5 Types of Beneficial Bacteria
Our body is loaded with hundreds and thousands of bacteria that serve to colonize our body in order to prevent overgrowth of pathogenic elements. In addition, these bacteria also serve a variety of functions. Examples of beneficial bacteria type are:
Lactobacillus acidophilus Lactobacillus acidophilus exists in different parts of human body like intestine, vagina and oral cavity. It is responsible for slightly acidic pH of vagina that is helpful in preventing overgrowth of other microorganisms. In addition, it is also known to boost immunity. Due to its beneficial properties, it is used in a variety of dietary products like tempeh, yogurt, miso and probiotics supplements.
Bacillus subtilis Bacillus subtilis occurs independently in the environment around us and was first used by Nazi army to manage diarrheal illness. It helps in normalizing gut motility and metabolic functioning. It is fortified in products like yogurt, cheese, milk, ice cream and fermented soybeans.
Bifidobacterium animalis Bifidobacterium animalis is found in the intestine of animals and humans as a normal commensal that aid in digestive process. In addition, it can also be consumed in supplemental doses to improve the symptoms of constipation or irritable bowel syndrome.
Streptococcus thermophilus Streptococcus thermophilus is classified under coccus and it has the ability to withstand a temperature of about 212 degrees Fahrenheit. Streptococcus thermophilus strengthen immunity and improves the functioning of gut. It can be obtained from cheese and other dairy products.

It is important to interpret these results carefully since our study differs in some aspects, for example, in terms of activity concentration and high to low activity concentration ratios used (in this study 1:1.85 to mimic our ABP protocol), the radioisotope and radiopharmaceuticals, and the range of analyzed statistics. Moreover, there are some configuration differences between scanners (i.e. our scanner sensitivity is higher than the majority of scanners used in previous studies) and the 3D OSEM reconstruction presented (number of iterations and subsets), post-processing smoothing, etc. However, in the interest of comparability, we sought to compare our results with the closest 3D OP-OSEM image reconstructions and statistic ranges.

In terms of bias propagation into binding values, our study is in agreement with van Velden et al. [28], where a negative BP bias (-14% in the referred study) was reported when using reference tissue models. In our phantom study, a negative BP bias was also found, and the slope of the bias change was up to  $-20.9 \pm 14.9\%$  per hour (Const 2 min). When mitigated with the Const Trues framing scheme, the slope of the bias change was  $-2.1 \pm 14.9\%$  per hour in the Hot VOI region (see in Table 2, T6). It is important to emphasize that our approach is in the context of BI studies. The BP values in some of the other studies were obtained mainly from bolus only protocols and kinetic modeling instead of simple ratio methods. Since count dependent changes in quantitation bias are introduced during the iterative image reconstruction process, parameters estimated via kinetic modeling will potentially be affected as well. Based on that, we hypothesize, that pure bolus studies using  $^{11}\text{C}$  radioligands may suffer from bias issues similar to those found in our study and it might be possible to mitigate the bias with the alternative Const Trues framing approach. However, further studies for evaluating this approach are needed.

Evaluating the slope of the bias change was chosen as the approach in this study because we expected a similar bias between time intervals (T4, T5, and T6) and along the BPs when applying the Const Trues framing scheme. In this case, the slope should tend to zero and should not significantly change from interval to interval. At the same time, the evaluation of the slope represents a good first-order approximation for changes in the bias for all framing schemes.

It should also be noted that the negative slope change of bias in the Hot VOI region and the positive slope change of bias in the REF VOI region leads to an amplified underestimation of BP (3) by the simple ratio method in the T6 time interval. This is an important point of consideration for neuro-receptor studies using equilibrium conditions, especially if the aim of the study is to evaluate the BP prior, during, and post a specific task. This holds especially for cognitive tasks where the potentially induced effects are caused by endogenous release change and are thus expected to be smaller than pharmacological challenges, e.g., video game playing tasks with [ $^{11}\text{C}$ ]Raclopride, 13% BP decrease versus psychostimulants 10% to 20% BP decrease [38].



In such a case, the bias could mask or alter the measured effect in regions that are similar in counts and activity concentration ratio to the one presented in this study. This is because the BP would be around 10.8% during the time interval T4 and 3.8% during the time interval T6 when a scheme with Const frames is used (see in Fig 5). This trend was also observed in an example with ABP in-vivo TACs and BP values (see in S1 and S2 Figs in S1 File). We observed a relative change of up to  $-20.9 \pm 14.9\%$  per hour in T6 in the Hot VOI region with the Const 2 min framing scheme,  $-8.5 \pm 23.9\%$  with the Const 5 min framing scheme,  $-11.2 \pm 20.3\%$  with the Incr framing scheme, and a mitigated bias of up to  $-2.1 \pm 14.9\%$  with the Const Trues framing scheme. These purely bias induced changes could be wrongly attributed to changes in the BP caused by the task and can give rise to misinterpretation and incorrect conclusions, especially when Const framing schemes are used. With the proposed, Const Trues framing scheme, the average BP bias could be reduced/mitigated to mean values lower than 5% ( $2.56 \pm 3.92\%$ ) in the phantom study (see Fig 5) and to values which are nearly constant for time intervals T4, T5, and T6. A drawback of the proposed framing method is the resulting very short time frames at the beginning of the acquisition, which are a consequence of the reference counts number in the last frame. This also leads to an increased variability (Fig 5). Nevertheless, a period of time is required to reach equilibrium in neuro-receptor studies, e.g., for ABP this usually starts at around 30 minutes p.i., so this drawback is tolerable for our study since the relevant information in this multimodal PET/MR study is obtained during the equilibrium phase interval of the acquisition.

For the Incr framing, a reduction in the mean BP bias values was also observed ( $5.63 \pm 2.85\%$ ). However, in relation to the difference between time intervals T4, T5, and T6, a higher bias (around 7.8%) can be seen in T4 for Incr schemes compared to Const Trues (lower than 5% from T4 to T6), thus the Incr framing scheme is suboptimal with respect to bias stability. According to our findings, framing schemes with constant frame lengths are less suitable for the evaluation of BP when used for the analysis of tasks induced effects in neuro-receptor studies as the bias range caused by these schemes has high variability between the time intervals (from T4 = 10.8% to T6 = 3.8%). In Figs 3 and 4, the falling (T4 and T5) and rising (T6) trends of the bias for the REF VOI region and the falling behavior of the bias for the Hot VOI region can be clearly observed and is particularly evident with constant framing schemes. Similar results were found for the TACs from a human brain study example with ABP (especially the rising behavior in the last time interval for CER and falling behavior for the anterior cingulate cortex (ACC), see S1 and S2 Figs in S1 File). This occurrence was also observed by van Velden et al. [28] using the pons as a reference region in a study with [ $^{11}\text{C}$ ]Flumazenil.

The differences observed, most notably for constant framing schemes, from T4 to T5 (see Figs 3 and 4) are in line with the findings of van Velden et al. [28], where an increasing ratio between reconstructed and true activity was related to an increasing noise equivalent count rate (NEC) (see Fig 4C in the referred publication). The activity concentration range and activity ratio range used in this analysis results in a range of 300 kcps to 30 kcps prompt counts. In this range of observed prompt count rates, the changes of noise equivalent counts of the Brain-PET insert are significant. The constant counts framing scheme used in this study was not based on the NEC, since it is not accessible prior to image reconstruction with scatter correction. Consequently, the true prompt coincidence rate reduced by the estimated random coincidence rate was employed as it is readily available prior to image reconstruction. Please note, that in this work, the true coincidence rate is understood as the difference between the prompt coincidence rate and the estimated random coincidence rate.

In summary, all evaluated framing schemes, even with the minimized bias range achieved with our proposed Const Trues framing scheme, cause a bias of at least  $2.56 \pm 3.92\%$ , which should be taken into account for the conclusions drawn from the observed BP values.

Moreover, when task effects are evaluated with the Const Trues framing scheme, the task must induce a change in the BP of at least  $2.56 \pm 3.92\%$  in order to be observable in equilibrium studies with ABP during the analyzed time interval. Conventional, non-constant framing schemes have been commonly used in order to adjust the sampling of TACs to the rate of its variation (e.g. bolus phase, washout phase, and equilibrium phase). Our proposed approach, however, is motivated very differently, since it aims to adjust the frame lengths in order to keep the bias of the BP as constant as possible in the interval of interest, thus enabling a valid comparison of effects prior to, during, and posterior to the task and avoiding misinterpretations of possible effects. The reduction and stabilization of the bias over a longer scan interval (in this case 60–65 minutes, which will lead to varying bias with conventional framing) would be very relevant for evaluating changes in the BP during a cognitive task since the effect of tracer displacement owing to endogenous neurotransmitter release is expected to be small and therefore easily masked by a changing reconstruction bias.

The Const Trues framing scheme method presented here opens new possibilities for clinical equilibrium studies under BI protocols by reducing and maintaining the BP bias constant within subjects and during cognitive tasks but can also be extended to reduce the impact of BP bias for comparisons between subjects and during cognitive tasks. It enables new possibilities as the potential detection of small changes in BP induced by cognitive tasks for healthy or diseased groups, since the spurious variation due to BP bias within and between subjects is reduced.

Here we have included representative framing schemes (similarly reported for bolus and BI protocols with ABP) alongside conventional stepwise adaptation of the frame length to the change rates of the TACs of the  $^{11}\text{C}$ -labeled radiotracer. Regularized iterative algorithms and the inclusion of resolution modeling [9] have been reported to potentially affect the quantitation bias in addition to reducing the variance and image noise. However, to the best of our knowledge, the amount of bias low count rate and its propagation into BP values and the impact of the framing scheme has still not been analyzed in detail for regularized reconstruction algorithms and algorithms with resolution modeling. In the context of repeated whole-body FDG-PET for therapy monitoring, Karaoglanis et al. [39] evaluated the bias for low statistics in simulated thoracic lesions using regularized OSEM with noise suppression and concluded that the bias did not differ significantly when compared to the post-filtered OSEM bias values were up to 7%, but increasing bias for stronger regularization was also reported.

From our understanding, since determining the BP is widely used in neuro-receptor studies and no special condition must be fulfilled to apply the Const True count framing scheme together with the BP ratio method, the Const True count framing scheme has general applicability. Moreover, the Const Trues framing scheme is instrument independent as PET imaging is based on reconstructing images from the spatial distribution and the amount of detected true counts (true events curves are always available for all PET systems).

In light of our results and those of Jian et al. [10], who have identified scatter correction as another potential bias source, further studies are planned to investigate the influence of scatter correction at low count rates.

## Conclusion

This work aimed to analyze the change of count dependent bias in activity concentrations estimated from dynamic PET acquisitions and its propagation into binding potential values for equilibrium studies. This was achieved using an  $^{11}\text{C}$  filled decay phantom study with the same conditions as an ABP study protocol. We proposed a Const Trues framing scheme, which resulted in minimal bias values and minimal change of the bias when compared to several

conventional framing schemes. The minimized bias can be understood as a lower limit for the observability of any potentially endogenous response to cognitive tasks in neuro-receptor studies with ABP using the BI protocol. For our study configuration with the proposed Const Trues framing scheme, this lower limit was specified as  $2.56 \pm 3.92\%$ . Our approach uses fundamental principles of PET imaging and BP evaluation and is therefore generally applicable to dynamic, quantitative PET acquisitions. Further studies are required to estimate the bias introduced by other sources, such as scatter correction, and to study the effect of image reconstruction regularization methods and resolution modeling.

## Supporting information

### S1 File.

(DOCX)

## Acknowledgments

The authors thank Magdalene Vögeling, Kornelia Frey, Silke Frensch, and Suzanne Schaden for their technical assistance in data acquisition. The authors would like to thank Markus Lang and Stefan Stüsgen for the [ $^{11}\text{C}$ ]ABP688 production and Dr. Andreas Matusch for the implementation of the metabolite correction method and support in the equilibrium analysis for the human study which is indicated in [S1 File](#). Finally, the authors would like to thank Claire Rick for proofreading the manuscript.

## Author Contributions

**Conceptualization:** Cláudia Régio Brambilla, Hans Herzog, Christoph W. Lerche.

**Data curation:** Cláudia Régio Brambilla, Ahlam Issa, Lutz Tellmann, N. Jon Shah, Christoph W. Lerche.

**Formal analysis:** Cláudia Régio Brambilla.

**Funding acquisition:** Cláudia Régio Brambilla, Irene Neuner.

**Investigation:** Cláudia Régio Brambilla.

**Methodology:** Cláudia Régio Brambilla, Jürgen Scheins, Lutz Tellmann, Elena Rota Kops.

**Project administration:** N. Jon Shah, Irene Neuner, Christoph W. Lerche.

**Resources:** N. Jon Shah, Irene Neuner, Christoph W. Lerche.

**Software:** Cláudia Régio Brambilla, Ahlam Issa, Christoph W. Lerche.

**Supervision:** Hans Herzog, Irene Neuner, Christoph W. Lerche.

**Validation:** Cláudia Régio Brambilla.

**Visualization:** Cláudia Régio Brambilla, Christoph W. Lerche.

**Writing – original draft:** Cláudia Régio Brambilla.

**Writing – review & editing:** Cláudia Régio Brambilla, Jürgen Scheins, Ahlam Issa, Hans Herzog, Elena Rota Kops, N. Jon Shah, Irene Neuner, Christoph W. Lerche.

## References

Lactobacillus reuteri Lactobacillus reuteri is one of the probiotics agents that are present in maternal breast milk and becomes a permanent part of gut flora. It is also present in dietary sources like yogurt and cheese.
With that being said it’s a lifestyle full of healthy prebiotic foods such as greens, cruciferous veggies (broccoli, cabbage, etc.,), fiber and fermented foods, kefir that help rebuild and keep the system in homeostasis by feeding the good bacteria. Adding just 1 tablespoon of fermented veggies such as Kimchi (if you like a spicy kick) with dinner will help feed the good bacteria in your gut. Diet is important to keep balanced with organic proteins such as Wild Caught Salmon, chicken, turkey, nuts and seeds. Good fats are important as well so don’t fall into the low fat trap. Add coconut oil to your diet along with olive oil in your salads. Eat avocado’s and organic free range eggs if tolerable. Get yourself tested for food intolerance so you don’t add fuel to the fire so to speak. Knowing your triggers is key in long term healing. Food, environmental and infections are three areas I look at in my patients when we focus on the gut.
If you have just had a round of antibiotics now is the time to start rebuilding the gut. Ask us about our protocol with some key supplements in the GI Repair Package and how they are used. The sequence is important.
In addition to tips listed above, keep sugar in all forms at minimal (25 grams per day) as sugar is toxic to the gut and feeds bad bacteria. In addition to that, sugar feeds cancer cells. Start bringing in fermented veggies (a few tablespoons per day is all you need). Make sure your fiber is up to par as well. Should be around 25-30 grams per day. Fiber is needed for GI health and helps feed good bacteria. Work with a nutritionist to make sure you are on track for optimal success. The most important thing you can do is use food as medicine.